Social cohesion in a “shifting world”: going up or down?

The soccer World Cup (finally!) kicked off in South Africa last Friday. It is the first one taking place in the African continent and South Africans are rightly quite proud of it. President Zuma claims that the four years of preparation have helped to create cohesion among what is otherwise an often fragmented society. National pride for the bafana, bafana (boys, boys) soccer team may indeed be kicking off a process for more cohesiveness between different social classes, ethnic groups, black and white people in this emerging economy still rattling with high inequality and social polarization. Strengthening social cohesion is not only a key challenge for the South African society in the post-Apartheid area, but also elsewhere around the globe.
Social Cohesion is the glue that holds society together, spans across different groups in a society, and is made of shared values, goals and norms. Social cohesion is dynamic, not static and driven also by perception, not only hard figures. If there is one fundamental change in the last 20 years influencing social cohesion at the global level, it is fair to say that it is “shifting wealth”. What do I mean by this? The emergence of countries like South Africa, Chile, Brazil, Vietnam and obviously China and India as economic powerhouses shape far more than the economic geography of growth. The developing countries have been constantly increasing their piece of the pie: today, non-OECD member economies account for nearly half of global GDP (in PPP terms) and are set to increase their share further in the years to come. This is not a transitory phenomenon but a fundamental shift in the economic centre of gravity with vast consequences for all of us from rich to poor. On June 16th the OECD Development Centre presents the first Perspectives on Global Development around this topic arguing that the rise of the rest should not be seen as a threat to the West.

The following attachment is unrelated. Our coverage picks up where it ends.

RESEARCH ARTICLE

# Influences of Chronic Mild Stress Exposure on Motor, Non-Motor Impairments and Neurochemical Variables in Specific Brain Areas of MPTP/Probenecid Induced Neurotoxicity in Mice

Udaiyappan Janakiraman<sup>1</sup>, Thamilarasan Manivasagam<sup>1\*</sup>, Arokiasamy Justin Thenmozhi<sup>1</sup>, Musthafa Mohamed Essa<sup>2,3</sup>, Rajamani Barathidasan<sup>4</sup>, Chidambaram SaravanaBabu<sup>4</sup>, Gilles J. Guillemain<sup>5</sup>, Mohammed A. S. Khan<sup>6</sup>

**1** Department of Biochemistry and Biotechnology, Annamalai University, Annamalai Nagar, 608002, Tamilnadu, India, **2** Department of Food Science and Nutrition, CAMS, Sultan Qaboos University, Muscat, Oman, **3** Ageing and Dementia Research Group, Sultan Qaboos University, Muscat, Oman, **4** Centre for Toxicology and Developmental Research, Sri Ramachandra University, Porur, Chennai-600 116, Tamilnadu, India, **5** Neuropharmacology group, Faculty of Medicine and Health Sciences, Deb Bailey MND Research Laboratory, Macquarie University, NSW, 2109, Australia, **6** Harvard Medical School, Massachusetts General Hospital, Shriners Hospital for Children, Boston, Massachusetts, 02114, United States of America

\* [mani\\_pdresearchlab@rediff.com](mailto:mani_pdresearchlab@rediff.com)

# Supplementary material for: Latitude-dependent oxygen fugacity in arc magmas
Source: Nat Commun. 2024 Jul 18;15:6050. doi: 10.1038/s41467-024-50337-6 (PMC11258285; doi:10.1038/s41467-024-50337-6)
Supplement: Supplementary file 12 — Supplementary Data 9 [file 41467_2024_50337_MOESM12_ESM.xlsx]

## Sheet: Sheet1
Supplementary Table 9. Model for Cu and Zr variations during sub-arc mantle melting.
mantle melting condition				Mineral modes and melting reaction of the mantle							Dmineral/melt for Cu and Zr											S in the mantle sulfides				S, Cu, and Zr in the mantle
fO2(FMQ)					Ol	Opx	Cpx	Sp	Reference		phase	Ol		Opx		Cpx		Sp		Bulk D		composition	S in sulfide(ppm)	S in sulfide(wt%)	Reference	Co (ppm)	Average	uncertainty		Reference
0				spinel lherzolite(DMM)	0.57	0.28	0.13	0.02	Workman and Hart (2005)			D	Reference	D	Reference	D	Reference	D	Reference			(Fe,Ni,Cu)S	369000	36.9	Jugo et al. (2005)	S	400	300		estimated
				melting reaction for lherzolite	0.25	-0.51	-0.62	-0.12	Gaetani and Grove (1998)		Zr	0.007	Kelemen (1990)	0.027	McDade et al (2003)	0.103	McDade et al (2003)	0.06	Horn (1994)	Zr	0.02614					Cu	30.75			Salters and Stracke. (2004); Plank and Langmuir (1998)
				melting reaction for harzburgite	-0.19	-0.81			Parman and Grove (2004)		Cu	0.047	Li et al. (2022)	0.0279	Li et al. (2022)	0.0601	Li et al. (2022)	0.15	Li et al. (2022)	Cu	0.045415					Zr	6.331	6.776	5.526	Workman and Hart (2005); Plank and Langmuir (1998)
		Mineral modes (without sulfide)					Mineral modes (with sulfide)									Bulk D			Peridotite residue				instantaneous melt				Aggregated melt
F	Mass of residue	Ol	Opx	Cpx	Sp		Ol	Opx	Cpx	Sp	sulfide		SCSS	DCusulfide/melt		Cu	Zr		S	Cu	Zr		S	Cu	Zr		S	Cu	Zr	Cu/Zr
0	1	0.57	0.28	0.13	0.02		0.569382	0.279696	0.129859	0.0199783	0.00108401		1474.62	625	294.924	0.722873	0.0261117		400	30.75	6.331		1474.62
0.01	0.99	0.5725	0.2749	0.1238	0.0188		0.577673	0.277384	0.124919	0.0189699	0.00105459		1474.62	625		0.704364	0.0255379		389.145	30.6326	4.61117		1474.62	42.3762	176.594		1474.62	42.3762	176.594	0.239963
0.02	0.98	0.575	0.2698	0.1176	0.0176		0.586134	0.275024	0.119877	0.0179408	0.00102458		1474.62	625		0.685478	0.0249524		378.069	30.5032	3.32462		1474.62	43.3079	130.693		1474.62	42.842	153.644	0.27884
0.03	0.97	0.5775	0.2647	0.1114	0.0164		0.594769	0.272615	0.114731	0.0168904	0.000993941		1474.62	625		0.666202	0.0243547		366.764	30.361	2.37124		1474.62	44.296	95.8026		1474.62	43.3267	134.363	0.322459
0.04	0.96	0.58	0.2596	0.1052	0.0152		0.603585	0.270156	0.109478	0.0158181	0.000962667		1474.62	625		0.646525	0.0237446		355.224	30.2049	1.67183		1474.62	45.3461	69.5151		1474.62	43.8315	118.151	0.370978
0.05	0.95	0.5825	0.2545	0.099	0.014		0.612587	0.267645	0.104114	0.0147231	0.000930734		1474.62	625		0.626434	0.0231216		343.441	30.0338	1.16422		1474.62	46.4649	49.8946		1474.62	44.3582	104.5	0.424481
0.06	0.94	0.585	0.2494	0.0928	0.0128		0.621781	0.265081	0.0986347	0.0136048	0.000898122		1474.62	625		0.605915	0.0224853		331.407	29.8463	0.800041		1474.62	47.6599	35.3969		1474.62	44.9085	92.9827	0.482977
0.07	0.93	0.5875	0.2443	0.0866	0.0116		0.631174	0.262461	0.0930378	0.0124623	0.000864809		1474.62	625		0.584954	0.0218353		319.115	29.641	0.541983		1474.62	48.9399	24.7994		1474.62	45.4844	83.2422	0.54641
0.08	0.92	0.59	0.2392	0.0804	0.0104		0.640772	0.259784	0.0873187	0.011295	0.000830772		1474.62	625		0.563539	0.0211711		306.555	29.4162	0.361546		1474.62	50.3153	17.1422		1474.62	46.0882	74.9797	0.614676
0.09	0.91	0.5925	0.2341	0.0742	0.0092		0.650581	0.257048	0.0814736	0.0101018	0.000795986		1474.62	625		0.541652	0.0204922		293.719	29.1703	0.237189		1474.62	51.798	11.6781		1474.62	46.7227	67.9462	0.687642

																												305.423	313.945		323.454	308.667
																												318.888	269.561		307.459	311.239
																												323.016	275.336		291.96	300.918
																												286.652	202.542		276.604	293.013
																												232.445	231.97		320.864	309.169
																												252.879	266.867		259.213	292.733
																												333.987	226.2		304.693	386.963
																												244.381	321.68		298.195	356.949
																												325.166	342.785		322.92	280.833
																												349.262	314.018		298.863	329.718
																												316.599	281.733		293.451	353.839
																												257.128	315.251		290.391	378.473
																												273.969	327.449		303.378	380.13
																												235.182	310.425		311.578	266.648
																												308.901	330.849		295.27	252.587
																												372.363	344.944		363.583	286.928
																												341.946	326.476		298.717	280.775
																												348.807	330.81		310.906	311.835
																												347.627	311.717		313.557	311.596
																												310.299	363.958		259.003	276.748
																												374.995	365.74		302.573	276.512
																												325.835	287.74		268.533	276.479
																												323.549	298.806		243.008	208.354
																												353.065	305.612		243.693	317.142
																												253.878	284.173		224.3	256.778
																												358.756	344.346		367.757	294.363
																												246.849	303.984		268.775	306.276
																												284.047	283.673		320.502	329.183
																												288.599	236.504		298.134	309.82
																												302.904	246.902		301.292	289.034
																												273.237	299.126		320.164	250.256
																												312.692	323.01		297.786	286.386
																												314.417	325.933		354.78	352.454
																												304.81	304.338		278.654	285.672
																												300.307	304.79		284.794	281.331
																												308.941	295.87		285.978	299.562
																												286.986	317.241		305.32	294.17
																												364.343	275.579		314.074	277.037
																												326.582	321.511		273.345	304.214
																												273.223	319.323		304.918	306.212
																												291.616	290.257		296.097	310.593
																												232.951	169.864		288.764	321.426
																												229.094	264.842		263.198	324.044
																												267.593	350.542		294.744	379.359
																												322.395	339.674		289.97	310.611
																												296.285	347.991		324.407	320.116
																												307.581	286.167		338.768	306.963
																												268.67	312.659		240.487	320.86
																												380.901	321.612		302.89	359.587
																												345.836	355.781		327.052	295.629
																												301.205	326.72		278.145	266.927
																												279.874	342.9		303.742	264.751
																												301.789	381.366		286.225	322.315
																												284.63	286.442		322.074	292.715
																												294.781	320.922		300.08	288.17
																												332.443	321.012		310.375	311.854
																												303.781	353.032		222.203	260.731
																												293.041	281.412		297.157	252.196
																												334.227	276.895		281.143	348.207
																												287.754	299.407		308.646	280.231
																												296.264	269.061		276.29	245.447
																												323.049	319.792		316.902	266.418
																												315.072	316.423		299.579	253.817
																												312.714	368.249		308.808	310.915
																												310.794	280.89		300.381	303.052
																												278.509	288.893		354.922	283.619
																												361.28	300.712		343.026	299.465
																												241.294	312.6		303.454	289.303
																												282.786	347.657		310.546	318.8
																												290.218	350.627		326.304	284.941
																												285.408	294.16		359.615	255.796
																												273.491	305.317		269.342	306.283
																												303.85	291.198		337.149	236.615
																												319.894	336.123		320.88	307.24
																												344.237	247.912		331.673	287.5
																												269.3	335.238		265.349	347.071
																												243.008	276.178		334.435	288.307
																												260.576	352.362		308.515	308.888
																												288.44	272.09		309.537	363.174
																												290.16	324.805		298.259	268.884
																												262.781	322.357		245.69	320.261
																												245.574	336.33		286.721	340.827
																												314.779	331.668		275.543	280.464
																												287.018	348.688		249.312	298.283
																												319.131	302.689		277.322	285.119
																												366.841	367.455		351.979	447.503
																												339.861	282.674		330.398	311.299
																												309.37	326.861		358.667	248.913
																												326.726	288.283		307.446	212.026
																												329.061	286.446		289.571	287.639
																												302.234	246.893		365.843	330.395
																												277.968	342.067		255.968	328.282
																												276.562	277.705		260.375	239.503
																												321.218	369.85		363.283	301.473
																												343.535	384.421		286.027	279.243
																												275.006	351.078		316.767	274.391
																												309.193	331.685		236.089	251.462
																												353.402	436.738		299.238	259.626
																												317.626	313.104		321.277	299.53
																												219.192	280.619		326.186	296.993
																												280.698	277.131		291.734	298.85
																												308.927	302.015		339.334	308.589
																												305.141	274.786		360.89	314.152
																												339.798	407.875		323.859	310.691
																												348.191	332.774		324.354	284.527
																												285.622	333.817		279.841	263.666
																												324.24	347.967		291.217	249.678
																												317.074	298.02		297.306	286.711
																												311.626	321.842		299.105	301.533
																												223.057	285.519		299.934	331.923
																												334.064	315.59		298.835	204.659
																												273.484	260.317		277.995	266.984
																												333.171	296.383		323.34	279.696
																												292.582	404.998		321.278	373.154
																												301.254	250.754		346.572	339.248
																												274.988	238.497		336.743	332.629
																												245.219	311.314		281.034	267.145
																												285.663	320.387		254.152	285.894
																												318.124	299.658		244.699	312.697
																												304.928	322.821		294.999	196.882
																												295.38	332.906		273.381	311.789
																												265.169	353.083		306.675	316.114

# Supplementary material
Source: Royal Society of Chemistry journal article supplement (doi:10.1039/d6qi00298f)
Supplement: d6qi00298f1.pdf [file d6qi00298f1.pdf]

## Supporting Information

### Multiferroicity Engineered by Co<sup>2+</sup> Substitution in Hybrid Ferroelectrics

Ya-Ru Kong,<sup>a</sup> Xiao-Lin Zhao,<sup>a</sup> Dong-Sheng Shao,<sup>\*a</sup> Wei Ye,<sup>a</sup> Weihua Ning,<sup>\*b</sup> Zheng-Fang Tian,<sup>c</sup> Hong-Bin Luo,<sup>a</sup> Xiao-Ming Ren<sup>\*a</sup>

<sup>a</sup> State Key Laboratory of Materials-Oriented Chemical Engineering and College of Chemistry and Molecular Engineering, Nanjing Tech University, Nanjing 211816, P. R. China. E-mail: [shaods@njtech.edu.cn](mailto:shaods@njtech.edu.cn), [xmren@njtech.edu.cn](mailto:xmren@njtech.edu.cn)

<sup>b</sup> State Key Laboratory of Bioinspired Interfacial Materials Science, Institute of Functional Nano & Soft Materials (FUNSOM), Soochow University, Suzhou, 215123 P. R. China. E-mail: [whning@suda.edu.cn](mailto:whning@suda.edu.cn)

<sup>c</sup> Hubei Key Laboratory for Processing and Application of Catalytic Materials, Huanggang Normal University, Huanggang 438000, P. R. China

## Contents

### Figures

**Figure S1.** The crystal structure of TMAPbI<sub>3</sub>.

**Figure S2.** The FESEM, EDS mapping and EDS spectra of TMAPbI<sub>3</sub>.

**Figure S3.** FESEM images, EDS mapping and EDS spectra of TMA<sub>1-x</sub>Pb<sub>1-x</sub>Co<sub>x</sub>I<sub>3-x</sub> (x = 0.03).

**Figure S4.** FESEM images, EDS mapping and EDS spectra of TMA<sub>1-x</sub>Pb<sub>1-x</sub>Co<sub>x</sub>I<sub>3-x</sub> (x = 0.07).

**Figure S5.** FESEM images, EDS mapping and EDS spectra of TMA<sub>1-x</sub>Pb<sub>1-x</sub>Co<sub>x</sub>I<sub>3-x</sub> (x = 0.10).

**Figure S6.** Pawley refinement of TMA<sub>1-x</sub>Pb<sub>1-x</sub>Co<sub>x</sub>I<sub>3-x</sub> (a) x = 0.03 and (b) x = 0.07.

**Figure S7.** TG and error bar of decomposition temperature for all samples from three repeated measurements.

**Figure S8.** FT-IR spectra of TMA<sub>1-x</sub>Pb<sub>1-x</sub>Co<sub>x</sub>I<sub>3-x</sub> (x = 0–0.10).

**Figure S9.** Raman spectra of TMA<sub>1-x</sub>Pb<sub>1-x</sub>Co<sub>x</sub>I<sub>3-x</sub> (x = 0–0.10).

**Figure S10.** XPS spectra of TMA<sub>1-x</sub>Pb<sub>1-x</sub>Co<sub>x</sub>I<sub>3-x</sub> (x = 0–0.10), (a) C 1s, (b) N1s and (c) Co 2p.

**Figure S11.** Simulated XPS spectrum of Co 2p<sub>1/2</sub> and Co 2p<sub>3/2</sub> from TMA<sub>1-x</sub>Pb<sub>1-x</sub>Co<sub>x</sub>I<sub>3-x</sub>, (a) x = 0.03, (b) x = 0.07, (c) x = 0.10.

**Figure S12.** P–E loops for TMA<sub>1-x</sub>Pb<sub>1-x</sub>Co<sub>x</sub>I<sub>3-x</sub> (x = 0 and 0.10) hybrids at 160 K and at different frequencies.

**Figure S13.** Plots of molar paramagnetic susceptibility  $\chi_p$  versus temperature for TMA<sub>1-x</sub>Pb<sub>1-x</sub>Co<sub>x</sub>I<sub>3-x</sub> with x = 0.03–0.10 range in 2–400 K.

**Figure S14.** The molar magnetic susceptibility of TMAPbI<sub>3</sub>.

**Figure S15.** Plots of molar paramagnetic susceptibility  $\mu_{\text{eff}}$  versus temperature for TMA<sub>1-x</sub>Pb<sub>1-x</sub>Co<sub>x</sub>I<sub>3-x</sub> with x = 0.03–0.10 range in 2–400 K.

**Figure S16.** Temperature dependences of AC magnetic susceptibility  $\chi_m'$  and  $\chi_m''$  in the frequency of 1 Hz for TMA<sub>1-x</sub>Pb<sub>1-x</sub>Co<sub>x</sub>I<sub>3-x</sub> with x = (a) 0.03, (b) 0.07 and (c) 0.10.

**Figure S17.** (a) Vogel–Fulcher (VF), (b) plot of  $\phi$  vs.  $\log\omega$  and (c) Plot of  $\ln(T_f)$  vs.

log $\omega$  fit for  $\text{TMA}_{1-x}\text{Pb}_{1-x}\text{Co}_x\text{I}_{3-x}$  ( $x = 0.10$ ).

But what does the shift mean for social cohesion? Skeptics argue that the integration of 1.5bn more workers into the global economy since the 90s has increased competition, down-ward pressure on wages and specialisation processes. If one takes the GINI coefficient as a commonly used measure of inequality, they seem to be right. As Kuznets predicts, during the development process inequalities within countries increase and only at a later stage go down eventually again. Many of the emerging countries like China and India have seen their levels of inequality soaring up shortly during periods of strong economic growth. But is it a natural fate? In fact, the good news seems that something can be done about it. If we look at the example of Brazil in the last decade we can see the impact of determined policy action on reducing inequalities: while Brazil’s overall level of inequality is still high, through social innovations like conditional cash transfers (Bolsa Familia) things have improved substantially. So polices matter as does civic engagement, a common vision and active solidarity.

What does all this tell us? First, in the coming years the further realignment of the world economy will put further pressure on established social systems. From Beijing to Berlin, from Moscow to Manila new models of social protection as well as possibilities for social mobility need to be thought of. Secondly, perceptions matter a great deal. People not only compare themselves to an absolute standard but once basic needs are fulfilled, they often compare themselves to their peers, i.e. neighbors, friends, colleagues. Policy makers need to take this more into account and think about more appropriate communication and media strategies while introducing needed reforms. Third, looking after social cohesion is not only important for the well-being of the society per se but also has an instrumental value. Studies show that innovation depend to a great deal on the effective flow of information which can be eased by social cohesion. Finally, many problems on the global level from climate change to water management, security concerns, financial regulation, etc call for a minimum of social cohesion across states. Without a minimum of understanding between societies, progress within will not be sustainable. Social cohesion is crucially needed, yes, but how to build and foster it in the new global environment and across different groups is a key, yet unsettled issue. As millions of us watch the World’s Cup together this summer, please enjoy and celebrate the social cohesion it generates– it’s worth thinking about how we can find common ground like this both within our own societies as well as globally more often than once every four years…


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